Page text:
THE fishing bonnets of Staithes have, for generations, been as synonymous with the artists’ haven as its distinctive rocky harbour and the famous coble boats.

Today, the tradition would have died out but for the skill of its sole surviving bonnet-maker, Ann Lawson.

While the days of village women wearing them as part of their everyday attire are long gone, the bonnets are popular with doting mums and grandmas as sun hats and bonnets for babies, said 72-year-old Ann, who runs Victoria House, a gift shop in the heart of the quaint beauty spot.

Ann spent her childhood in Staithes during the Second World War. The family moved to the village after their home in Middlesbrough’s South Bank was bombed and her father was captured by the Japanese.

She and her husband and their four children moved to live permanently in Staithes 42 years ago.

Ann was encouraged by one of the older bonnet makers to try her hand at the historic art – “and I’ve been making them ever since,” she said.

“Years ago, the bonnet was an essential part of the fisher wives’ and lasses’ working dress, together with their long skirts, hessian or cotton aprons and large woollen shawls to keep them warm,” said Ann, who sells her bonnets under the name of Ann’s Maid.

“Fisher women, like their menfolk, had to work hard – very hard. Apart from their normal domestic chores, they had to go collecting mussels off the scars, carrying them back home in heavy baskets balanced on their heads. Once there, they had then to skein them – removing the flesh from out of the shells – and use the flesh to bait the hooks on a long line.”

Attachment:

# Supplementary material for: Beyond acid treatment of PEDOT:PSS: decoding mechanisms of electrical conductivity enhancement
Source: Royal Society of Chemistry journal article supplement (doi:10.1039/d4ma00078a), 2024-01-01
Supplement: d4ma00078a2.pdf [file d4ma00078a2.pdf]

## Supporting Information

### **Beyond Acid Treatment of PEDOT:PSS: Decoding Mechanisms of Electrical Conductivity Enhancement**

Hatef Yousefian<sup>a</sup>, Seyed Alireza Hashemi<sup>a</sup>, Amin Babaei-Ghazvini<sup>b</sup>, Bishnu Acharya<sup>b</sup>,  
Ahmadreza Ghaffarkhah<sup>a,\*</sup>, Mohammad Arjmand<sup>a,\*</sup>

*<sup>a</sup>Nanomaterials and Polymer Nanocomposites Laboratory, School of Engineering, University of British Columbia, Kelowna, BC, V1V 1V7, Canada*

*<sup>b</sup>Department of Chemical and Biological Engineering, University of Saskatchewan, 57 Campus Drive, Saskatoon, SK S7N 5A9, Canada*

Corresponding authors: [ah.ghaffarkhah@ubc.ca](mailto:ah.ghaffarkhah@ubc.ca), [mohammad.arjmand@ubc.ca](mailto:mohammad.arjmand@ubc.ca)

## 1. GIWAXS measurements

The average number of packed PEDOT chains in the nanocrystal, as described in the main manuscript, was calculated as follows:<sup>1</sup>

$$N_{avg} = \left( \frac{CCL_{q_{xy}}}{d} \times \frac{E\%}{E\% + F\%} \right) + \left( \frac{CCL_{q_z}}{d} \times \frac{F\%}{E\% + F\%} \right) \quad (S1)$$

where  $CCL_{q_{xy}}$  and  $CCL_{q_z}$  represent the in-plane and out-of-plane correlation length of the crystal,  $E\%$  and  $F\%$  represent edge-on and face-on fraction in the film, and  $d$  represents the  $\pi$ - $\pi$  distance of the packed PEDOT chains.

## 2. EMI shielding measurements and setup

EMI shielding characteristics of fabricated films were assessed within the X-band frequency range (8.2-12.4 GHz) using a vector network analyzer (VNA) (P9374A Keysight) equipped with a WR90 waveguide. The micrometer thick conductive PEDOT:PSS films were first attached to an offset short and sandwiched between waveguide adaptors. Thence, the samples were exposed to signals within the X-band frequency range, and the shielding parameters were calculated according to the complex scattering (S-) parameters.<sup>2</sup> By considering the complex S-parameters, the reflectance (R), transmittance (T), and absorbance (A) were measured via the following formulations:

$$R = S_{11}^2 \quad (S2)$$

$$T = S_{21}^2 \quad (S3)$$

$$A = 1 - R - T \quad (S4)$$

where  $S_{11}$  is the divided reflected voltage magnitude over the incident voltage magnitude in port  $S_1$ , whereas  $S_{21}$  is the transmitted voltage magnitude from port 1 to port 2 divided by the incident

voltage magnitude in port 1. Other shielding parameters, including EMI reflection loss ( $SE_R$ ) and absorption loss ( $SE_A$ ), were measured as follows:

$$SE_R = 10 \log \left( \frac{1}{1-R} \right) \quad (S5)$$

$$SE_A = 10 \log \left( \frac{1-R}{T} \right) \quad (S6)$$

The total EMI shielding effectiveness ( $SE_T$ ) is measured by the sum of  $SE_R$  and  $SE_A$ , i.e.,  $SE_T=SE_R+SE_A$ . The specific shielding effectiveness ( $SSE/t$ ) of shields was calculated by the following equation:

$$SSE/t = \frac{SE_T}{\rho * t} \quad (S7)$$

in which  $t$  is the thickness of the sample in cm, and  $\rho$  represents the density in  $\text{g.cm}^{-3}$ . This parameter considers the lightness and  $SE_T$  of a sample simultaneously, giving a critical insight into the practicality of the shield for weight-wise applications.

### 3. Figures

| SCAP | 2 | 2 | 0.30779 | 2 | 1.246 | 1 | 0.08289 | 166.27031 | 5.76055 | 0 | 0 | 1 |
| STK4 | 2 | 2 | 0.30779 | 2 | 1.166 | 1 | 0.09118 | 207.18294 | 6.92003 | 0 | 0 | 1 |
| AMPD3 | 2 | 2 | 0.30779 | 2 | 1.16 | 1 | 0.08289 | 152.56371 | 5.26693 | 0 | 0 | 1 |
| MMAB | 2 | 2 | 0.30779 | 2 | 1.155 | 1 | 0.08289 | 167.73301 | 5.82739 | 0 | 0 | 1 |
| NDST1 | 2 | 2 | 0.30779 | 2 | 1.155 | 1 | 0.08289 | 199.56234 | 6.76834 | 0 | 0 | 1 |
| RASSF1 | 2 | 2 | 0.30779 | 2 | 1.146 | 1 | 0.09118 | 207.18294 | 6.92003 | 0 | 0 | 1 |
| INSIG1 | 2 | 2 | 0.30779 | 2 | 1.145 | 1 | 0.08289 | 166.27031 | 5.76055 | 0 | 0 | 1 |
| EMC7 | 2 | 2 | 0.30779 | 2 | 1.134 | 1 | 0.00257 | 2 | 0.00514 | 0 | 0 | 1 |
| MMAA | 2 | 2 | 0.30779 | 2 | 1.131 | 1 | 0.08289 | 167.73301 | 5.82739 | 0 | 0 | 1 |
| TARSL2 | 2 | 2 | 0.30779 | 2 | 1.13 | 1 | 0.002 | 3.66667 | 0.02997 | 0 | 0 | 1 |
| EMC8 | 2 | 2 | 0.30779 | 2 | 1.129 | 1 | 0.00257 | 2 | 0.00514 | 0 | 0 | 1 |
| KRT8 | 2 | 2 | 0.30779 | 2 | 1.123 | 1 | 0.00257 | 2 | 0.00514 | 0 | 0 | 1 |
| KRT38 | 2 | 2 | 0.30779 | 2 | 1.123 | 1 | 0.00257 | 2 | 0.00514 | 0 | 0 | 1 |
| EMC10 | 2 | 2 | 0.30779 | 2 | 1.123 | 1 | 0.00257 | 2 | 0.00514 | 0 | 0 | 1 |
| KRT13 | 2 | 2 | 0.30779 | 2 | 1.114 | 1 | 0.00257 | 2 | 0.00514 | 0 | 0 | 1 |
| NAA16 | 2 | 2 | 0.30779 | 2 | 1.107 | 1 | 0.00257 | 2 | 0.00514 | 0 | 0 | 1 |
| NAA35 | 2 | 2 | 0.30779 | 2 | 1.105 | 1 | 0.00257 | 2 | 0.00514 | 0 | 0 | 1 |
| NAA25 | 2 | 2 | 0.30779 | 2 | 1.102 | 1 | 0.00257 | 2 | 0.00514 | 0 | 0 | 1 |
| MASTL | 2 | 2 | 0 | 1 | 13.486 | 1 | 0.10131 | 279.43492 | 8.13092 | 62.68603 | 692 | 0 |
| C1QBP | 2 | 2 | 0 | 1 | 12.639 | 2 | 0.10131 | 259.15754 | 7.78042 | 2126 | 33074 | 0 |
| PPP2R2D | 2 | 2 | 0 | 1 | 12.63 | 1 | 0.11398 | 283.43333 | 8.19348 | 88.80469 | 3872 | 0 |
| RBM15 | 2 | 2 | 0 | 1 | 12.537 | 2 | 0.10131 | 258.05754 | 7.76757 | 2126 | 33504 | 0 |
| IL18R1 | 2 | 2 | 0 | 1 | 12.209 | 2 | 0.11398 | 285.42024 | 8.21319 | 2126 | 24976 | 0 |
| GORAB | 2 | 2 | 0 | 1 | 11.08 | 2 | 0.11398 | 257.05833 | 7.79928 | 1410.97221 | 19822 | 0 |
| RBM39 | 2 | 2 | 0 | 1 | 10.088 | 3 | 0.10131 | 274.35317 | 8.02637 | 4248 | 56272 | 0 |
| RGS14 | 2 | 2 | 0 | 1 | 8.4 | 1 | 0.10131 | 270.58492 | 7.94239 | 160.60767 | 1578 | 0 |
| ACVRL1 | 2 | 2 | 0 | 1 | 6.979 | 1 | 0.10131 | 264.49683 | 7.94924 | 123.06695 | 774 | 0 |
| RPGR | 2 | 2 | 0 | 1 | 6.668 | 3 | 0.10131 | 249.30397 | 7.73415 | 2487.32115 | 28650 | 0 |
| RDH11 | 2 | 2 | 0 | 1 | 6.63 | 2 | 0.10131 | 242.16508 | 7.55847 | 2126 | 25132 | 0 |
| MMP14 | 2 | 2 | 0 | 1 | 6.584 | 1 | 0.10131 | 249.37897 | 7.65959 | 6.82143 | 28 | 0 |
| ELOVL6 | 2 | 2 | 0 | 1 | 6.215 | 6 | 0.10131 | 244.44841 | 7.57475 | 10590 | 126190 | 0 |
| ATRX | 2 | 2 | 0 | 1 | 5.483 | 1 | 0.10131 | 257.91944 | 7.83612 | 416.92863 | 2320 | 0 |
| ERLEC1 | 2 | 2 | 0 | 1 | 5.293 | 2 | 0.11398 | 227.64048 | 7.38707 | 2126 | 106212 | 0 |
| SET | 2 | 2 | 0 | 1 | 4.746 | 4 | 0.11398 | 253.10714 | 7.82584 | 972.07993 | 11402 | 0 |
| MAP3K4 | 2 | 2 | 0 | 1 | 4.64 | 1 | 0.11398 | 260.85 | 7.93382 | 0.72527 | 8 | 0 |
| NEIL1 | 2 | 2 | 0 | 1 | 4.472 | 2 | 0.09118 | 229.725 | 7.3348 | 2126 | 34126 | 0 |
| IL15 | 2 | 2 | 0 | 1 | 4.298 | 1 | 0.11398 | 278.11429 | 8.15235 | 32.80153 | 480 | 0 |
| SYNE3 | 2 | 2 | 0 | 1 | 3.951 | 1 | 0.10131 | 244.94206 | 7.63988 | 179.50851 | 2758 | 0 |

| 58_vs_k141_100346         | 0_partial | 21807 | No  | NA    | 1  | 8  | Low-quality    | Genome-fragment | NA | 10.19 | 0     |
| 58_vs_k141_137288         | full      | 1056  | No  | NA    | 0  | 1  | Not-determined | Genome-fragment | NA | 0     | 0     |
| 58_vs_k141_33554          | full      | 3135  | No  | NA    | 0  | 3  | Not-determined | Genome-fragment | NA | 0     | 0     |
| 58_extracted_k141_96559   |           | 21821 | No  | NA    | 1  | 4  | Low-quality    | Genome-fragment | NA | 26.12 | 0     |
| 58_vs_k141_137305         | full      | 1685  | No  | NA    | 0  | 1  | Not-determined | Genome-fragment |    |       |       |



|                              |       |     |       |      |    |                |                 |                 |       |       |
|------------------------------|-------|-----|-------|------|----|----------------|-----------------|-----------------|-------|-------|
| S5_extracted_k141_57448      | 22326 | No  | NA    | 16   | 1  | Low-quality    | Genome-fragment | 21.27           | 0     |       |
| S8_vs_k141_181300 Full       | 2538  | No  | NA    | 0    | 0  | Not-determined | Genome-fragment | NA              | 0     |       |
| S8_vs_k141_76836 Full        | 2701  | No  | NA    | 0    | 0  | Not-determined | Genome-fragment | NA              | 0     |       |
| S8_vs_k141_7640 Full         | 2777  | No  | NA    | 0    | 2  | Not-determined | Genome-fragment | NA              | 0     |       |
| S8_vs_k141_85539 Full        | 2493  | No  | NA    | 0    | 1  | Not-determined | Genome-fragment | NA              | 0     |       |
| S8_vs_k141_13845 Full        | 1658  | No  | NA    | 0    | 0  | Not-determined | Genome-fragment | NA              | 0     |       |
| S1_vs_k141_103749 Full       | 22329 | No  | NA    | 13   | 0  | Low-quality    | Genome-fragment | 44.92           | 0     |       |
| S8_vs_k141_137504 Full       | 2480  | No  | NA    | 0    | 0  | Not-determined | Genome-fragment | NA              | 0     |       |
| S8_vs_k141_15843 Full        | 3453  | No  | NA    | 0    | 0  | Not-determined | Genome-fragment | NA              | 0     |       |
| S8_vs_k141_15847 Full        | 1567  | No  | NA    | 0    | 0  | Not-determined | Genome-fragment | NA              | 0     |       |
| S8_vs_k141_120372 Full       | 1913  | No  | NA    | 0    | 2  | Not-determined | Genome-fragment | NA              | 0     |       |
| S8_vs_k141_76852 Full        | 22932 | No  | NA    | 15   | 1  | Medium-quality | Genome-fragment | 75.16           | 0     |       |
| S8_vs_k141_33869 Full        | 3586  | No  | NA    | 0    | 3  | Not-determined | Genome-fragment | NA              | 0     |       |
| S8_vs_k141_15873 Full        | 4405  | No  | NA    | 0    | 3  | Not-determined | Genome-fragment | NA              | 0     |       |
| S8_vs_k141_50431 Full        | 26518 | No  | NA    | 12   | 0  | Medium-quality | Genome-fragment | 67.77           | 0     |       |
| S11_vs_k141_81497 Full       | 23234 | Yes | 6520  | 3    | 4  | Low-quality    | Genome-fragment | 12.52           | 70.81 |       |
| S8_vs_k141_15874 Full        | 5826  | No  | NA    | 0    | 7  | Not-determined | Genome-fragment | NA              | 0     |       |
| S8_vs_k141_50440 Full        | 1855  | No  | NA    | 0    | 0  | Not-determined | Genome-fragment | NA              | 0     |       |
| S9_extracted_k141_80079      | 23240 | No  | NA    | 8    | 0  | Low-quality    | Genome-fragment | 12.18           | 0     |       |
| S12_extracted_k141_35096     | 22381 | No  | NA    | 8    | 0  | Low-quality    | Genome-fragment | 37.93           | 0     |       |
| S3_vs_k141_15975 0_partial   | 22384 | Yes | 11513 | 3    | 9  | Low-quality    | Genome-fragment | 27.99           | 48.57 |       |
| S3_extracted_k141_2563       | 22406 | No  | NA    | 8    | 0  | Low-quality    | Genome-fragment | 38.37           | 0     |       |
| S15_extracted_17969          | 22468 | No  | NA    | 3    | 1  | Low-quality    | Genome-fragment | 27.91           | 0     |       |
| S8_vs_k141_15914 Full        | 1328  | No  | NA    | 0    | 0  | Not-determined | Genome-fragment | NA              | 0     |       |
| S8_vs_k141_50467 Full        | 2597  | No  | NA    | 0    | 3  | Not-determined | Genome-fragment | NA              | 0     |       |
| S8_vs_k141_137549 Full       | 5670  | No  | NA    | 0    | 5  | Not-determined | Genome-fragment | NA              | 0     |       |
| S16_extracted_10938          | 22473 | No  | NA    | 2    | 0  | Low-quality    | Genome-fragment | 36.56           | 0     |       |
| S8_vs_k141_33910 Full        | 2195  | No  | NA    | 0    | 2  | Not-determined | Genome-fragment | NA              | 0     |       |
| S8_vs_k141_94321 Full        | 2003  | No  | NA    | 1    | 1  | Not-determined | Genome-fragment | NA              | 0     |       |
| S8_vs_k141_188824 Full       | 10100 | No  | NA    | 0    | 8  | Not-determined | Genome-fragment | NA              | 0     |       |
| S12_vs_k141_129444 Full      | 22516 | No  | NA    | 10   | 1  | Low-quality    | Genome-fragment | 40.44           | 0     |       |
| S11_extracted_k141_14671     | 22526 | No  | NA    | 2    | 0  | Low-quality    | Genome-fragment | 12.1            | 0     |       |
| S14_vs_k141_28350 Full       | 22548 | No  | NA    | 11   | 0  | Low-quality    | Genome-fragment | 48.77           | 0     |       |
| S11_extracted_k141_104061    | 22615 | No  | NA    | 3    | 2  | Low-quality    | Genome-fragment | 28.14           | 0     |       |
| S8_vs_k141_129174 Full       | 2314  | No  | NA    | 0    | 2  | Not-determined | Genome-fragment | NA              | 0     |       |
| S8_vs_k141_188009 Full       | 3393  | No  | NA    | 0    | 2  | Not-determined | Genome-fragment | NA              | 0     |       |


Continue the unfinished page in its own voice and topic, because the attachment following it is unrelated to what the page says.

The heavy-baited lines were coiled on to a flat wicker basket, which the women carried on their heads – and the bonnets helped protect them.

The bonnet takes a full yard of cotton fabric, a yard of cotton tape, a piece of wadding, and a decorative box.

They featured strongly in the paintings by the famous Staithes Group of artists, headed by Dame Laura Knight, and in the photographs of the legendary Frank Meadow Sutcliffe.

Black bonnets were worn by widows in mourning, but Ann’s bonnets are colourful, many with floral designs.

With just three full-time fishermen left in Staithes, the demand for bonnets from the fisher wives, has long since past. But Ann is determined to keep alive one of the oldest and quaintest traditions in the centuries-old Yorkshire coast fishing industry.